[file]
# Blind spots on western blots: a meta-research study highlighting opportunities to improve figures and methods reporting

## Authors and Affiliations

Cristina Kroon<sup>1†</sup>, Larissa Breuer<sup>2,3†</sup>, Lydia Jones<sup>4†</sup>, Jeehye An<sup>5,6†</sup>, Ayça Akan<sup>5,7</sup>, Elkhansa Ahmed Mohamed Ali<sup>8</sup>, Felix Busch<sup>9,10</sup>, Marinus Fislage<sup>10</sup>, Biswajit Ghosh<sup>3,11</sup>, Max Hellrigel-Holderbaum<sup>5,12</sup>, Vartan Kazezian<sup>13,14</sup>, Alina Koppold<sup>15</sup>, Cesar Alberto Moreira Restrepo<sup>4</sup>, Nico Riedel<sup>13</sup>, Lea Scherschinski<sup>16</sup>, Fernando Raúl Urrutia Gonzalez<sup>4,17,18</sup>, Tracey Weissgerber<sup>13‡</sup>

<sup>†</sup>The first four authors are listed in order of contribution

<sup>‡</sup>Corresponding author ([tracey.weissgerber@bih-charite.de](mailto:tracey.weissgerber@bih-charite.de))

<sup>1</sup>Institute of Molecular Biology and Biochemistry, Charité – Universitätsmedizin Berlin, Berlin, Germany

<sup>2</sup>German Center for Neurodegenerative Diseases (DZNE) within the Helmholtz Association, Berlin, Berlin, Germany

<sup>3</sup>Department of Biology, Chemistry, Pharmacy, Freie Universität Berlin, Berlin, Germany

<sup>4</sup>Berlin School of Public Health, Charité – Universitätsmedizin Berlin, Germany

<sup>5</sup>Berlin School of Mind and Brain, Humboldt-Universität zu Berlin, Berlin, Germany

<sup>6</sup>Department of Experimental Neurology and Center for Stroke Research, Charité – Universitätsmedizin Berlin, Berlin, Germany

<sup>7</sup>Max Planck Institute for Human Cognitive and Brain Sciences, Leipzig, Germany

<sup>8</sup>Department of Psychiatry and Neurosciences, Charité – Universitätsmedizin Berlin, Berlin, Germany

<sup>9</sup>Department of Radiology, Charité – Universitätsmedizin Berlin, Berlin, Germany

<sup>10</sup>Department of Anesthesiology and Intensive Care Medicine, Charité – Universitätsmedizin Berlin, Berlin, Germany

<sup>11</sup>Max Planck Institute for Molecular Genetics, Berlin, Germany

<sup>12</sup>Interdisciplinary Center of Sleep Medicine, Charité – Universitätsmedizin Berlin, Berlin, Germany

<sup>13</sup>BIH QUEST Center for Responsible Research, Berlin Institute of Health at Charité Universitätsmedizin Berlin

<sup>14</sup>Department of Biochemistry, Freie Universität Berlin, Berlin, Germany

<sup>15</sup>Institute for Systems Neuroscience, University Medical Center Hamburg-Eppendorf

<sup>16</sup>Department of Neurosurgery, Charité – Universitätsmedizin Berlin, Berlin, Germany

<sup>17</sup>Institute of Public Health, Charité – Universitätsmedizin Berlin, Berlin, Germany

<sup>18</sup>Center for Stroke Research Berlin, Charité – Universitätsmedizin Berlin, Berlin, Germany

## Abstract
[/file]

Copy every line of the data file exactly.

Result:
# Blind spots on western blots: a meta-research study highlighting opportunities to improve figures and methods reporting

## Authors and Affiliations

Cristina Kroon<sup>1†</sup>, Larissa Breuer<sup>2,3†</sup>, Lydia Jones<sup>4†</sup>, Jeehye An<sup>5,6†</sup>, Ayça Akan<sup>5,7</sup>, Elkhansa Ahmed Mohamed Ali<sup>8</sup>, Felix Busch<sup>9,10</sup>, Marinus Fislage<sup>10</sup>, Biswajit Ghosh<sup>3,11</sup>, Max Hellrigel-Holderbaum<sup>5,12</sup>, Vartan Kazezian<sup>13,14</sup>, Alina Koppold<sup>15</sup>, Cesar Alberto Moreira Restrepo<sup>4</sup>, Nico Riedel<sup>13</sup>, Lea Scherschinski<sup>16</sup>, Fernando Raúl Urrutia Gonzalez<sup>4,17,18</sup>, Tracey Weissgerber<sup>13‡</sup>

<sup>†</sup>The first four authors are listed in order of contribution

<sup>‡</sup>Corresponding author ([tracey.weissgerber@bih-charite.de](mailto:tracey.weissgerber@bih-charite.de))

<sup>1</sup>Institute of Molecular Biology and Biochemistry, Charité – Universitätsmedizin Berlin, Berlin, Germany

<sup>2</sup>German Center for Neurodegenerative Diseases (DZNE) within the Helmholtz Association, Berlin, Berlin, Germany

<sup>3</sup>Department of Biology, Chemistry, Pharmacy, Freie Universität Berlin, Berlin, Germany

<sup>4</sup>Berlin School of Public Health, Charité – Universitätsmedizin Berlin, Germany

<sup>5</sup>Berlin School of Mind and Brain, Humboldt-Universität zu Berlin, Berlin, Germany

<sup>6</sup>Department of Experimental Neurology and Center for Stroke Research, Charité – Universitätsmedizin Berlin, Berlin, Germany

<sup>7</sup>Max Planck Institute for Human Cognitive and Brain Sciences, Leipzig, Germany

<sup>8</sup>Department of Psychiatry and Neurosciences, Charité – Universitätsmedizin Berlin, Berlin, Germany

<sup>9</sup>Department of Radiology, Charité – Universitätsmedizin Berlin, Berlin, Germany

<sup>10</sup>Department of Anesthesiology and Intensive Care Medicine, Charité – Universitätsmedizin Berlin, Berlin, Germany

<sup>11</sup>Max Planck Institute for Molecular Genetics, Berlin, Germany

<sup>12</sup>Interdisciplinary Center of Sleep Medicine, Charité – Universitätsmedizin Berlin, Berlin, Germany

<sup>13</sup>BIH QUEST Center for Responsible Research, Berlin Institute of Health at Charité Universitätsmedizin Berlin

<sup>14</sup>Department of Biochemistry, Freie Universität Berlin, Berlin, Germany

<sup>15</sup>Institute for Systems Neuroscience, University Medical Center Hamburg-Eppendorf

<sup>16</sup>Department of Neurosurgery, Charité – Universitätsmedizin Berlin, Berlin, Germany

<sup>17</sup>Institute of Public Health, Charité – Universitätsmedizin Berlin, Berlin, Germany

<sup>18</sup>Center for Stroke Research Berlin, Charité – Universitätsmedizin Berlin, Berlin, Germany

## Abstract